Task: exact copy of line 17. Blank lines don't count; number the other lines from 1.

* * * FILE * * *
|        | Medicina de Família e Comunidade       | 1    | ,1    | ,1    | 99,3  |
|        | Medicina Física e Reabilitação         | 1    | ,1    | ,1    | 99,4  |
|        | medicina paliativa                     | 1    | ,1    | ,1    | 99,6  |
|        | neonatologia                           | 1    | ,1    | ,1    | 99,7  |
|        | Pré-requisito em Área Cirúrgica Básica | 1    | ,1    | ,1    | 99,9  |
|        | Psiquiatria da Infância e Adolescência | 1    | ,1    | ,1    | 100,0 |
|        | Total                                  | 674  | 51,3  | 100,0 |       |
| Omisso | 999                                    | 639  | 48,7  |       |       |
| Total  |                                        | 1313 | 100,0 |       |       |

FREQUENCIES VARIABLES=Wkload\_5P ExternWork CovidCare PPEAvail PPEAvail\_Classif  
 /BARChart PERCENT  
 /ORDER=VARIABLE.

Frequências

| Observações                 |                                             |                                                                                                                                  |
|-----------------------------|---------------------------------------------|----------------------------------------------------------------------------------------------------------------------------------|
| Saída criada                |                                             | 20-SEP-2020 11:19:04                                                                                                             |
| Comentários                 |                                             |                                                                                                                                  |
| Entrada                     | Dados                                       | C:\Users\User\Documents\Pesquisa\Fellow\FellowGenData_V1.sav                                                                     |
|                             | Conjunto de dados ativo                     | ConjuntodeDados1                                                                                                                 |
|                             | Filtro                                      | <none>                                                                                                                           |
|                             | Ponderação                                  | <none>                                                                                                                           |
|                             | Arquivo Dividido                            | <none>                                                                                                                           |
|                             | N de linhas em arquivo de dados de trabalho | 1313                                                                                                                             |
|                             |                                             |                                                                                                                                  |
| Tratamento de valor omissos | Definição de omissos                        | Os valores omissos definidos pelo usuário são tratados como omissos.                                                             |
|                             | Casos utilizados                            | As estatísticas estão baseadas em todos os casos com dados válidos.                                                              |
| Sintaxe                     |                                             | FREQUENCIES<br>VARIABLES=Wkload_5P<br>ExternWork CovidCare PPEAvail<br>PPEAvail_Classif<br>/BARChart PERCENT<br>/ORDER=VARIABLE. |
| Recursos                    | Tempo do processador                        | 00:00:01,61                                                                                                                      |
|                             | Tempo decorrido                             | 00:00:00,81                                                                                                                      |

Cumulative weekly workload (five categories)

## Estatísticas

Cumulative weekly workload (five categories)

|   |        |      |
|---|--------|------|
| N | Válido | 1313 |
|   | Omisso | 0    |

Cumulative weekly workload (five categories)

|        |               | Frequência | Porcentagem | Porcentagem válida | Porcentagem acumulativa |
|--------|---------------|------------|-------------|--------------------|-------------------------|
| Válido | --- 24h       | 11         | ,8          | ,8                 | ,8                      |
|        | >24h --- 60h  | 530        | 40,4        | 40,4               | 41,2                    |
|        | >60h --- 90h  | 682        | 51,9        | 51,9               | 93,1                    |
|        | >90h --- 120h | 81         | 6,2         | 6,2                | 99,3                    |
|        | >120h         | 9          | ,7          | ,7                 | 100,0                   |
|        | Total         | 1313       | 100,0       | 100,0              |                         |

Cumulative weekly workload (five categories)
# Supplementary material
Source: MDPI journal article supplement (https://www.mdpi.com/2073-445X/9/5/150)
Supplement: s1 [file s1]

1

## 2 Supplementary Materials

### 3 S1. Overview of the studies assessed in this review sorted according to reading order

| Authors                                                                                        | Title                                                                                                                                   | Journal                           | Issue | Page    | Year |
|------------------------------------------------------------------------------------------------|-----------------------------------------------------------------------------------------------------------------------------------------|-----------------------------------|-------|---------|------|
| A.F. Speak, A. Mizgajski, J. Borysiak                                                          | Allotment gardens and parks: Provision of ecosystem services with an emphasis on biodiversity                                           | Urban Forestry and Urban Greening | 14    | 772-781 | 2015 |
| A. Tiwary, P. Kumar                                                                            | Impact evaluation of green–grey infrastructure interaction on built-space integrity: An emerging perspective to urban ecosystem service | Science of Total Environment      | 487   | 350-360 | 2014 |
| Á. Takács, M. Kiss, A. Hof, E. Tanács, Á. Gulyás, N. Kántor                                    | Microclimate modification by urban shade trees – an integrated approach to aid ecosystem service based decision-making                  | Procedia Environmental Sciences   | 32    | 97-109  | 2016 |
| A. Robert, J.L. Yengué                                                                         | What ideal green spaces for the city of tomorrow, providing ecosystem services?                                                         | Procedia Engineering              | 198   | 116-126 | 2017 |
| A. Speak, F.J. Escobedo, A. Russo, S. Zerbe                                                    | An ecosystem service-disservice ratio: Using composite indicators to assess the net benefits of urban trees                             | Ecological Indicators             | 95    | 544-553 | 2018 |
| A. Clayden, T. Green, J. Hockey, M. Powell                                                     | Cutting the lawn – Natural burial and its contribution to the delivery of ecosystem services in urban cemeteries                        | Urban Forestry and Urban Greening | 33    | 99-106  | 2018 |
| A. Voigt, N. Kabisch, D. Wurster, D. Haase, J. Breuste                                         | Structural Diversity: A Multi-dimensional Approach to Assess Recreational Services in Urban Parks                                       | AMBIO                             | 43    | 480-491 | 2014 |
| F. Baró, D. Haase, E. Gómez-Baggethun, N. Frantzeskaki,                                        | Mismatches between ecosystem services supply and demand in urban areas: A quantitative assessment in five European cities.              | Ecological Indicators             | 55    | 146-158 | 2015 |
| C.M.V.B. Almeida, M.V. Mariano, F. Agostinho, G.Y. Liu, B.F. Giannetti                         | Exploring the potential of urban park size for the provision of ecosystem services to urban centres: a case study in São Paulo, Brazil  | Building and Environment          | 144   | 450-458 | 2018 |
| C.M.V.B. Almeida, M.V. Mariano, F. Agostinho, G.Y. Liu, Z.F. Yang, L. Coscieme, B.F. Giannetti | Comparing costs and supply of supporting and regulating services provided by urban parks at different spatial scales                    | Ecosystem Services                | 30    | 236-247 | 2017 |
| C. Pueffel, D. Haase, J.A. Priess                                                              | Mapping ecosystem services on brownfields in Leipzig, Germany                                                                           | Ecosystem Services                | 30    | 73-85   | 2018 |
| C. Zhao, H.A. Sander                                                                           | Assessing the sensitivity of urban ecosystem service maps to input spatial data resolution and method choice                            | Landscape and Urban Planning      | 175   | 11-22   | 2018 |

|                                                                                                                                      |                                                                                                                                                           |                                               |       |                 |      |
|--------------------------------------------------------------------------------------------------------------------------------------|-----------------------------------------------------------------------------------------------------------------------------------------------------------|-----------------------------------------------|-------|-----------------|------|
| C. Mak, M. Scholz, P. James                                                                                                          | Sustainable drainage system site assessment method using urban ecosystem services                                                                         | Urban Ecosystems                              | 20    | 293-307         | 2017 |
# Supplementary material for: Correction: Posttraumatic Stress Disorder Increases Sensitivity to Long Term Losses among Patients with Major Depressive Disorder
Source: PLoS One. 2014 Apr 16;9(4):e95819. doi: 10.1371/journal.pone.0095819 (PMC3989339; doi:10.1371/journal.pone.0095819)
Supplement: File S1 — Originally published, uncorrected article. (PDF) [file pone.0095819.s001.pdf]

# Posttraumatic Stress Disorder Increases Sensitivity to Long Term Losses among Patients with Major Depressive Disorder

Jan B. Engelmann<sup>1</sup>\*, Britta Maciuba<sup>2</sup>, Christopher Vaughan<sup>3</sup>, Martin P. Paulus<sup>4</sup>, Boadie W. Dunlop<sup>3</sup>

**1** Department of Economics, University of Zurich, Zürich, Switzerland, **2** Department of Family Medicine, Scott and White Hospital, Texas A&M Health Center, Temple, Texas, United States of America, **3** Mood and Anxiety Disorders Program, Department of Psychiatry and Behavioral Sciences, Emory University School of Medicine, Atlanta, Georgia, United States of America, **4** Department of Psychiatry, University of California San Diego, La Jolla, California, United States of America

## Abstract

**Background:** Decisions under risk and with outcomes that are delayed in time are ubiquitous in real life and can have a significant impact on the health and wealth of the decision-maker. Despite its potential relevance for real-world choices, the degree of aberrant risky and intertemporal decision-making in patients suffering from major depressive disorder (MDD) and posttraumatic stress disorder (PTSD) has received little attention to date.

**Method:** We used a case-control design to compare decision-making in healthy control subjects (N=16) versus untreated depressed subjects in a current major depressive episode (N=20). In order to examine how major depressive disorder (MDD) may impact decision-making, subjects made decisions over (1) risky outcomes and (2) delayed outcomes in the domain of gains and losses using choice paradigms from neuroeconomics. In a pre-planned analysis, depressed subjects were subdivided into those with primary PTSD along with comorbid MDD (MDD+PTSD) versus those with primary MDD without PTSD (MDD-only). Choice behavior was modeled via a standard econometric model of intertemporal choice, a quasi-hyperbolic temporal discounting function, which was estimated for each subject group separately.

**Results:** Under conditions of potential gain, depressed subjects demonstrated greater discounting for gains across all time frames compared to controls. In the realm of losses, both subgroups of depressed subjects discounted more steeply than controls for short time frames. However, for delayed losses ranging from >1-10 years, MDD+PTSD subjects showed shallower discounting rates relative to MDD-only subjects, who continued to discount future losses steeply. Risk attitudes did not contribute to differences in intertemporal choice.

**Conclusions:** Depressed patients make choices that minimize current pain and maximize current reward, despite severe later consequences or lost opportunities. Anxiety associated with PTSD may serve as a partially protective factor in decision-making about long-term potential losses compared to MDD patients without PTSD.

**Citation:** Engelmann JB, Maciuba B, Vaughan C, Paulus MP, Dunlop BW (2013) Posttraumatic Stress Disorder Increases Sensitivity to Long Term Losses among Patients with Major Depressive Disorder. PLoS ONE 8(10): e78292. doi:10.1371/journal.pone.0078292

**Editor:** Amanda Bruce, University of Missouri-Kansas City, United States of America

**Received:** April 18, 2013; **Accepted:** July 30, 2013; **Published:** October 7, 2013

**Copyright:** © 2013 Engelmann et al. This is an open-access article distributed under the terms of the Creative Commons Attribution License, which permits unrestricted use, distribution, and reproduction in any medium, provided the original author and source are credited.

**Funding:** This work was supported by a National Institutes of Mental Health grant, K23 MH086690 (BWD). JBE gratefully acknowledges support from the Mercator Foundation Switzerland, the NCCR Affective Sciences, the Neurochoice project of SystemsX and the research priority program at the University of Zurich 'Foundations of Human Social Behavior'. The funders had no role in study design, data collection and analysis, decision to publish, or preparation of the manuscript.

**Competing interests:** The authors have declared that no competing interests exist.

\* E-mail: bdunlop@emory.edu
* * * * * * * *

| Comentários                 |                                             |                                                                                                                                  |